San Diego’s Innovation Economy, and What it Takes to Recruit “The Young and Restless”

9/28/11Follow @bvbigelow

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live where they can rely on their network of peers to find another job—and where technology clusters provide an abundance of jobs requiring similar knowledge and skills.

That means San Diego’s life sciences sector, with close to 600 biotech and medical device companies (not to mention scores of biomedical research centers), should continue to serve as a magnet for young biologists, chemists, and other life sciences workers. But San Diego’s struggling software sector, with its paucity of capital and disconnected islands of expertise, could be a different story.

“It’s fairly difficult to get something started when you don’t have the critical mass,” says Cortright. And unlike the lumber or steel industries, Cortright says, IT and communications workers can live just about anywhere.

Compounding the challenges for the software sector in San Diego are what Cortright calls his urbanist bullet points—the community characteristics and amenities that talented young and restless workers are looking for in a city these days. For example:

—Young, educated workers are increasingly shunning the suburbs to live closer to downtown, particularly in urban neighborhoods within a 3-mile radius of the urban core. They like neighborhoods that feature a mix of different types of housing and an interesting mix of local shops, restaurants, and bars.

—They are driving less and tend to view automobile ownership as costly and impractical. They increasingly prefer “walkable” and “bikable” neighborhoods with convenient mass transit options. (Housing affordability has become a key factor in this trend, Cortright says.)

—They look for neighborhoods with income, ethnic, and social diversity. They view diversity as a characteristic that makes a place more interesting.

Cortright says these emerging themes are supported by evidence from the census and other sources. For example:

—In 1980, young adults were about 10 percent more likely to … Next Page »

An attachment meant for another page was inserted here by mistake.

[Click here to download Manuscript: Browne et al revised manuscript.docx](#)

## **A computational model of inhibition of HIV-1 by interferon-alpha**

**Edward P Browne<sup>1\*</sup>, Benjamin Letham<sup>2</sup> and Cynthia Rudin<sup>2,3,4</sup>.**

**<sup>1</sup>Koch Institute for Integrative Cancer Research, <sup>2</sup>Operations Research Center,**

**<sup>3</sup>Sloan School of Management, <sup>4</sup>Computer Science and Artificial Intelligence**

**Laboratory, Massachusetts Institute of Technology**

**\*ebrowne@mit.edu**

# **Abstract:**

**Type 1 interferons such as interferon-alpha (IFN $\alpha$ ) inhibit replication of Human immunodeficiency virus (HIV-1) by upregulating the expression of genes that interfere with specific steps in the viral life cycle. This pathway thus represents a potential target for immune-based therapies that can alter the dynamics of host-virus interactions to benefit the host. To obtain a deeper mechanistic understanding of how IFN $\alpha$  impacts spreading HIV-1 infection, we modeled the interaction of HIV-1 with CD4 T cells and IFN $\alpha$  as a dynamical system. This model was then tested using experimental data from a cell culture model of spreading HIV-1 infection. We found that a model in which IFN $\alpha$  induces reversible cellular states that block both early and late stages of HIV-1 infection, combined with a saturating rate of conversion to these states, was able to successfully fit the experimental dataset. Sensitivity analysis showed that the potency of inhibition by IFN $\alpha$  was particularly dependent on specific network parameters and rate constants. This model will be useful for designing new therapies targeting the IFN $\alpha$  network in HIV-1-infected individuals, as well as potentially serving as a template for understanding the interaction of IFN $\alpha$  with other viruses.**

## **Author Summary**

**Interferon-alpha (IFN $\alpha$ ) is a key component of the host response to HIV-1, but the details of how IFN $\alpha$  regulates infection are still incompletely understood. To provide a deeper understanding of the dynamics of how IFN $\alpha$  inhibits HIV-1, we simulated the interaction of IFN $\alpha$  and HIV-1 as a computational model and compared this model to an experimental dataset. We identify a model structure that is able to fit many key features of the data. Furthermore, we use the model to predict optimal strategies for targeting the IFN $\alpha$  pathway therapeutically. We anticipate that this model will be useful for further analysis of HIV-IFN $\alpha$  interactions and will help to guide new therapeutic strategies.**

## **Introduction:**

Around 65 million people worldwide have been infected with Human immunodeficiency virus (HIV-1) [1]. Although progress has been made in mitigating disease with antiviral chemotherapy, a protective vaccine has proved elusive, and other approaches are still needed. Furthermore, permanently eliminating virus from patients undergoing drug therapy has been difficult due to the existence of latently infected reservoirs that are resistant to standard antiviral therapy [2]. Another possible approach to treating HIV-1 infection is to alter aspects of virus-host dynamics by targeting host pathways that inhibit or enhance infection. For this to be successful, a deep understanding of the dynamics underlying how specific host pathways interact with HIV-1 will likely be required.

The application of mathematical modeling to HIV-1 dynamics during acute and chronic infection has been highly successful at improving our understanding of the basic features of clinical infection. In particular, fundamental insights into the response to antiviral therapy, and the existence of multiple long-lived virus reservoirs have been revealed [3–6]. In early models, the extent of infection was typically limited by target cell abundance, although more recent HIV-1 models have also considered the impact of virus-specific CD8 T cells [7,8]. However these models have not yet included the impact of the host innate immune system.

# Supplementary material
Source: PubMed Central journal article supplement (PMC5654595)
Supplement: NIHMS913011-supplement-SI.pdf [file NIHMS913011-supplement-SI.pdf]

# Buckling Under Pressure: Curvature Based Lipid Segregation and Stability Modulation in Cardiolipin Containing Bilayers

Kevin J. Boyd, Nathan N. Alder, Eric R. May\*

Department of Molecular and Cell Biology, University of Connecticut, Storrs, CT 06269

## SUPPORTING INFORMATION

Bruce V. Bigelow is the editor of Xconomy San Diego. You can e-mail him at bbigelow@xconomy.com or call (619) 669-8788 Follow @bvbigelow

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  • http://fashioningchange.com/blog/kevin Kevin Ball

    This article has a lot of important points, but I think it is important to note that there are areas of San Diego that do fit what young, talented people are looking for: Downtown, plus the uptown stretch of Hillcrest, North Park, and University Heights.

    These areas are walkable, have reasonable public transit, and the uptown areas in particular contain a wonderful mix of local shops and restaurants.

    The problem is that most of the tech office space in San Diego is up in North County, inaccessible by public transit and far from the areas where this generation wants to live.

    There are, however some promising trends.

    There has been a proliferation of new coworking spaces like the AI Center on Convoy, 3rdspace in University Heights, and the rumored new EvoNexus space downtown. And there are startups sprouting up in those spaces… a recent map of San Diego Startups by Bastos Ventures (see http://watch.bastosventures.com/category/san-diego/startups/) showed a strong cluster downtown.

    The tech meetup scene has also been booming; in the last 2 years the Tech Founders meetup group has at least doubled in size, the SD Ruby meetup group has gone from 1 meetup a month to 3, and new groups like the San Diego Javascript meetup group have gotten going. At all of these events, recruiters trying to hire outnumber available engineers many to one.

    There’s a flurry of positive activity… the question to me is how to sustain and accelerate it, and for that we’ll need more visibility outside of the region to attract more funding and get rid of that “two-step move” perception.

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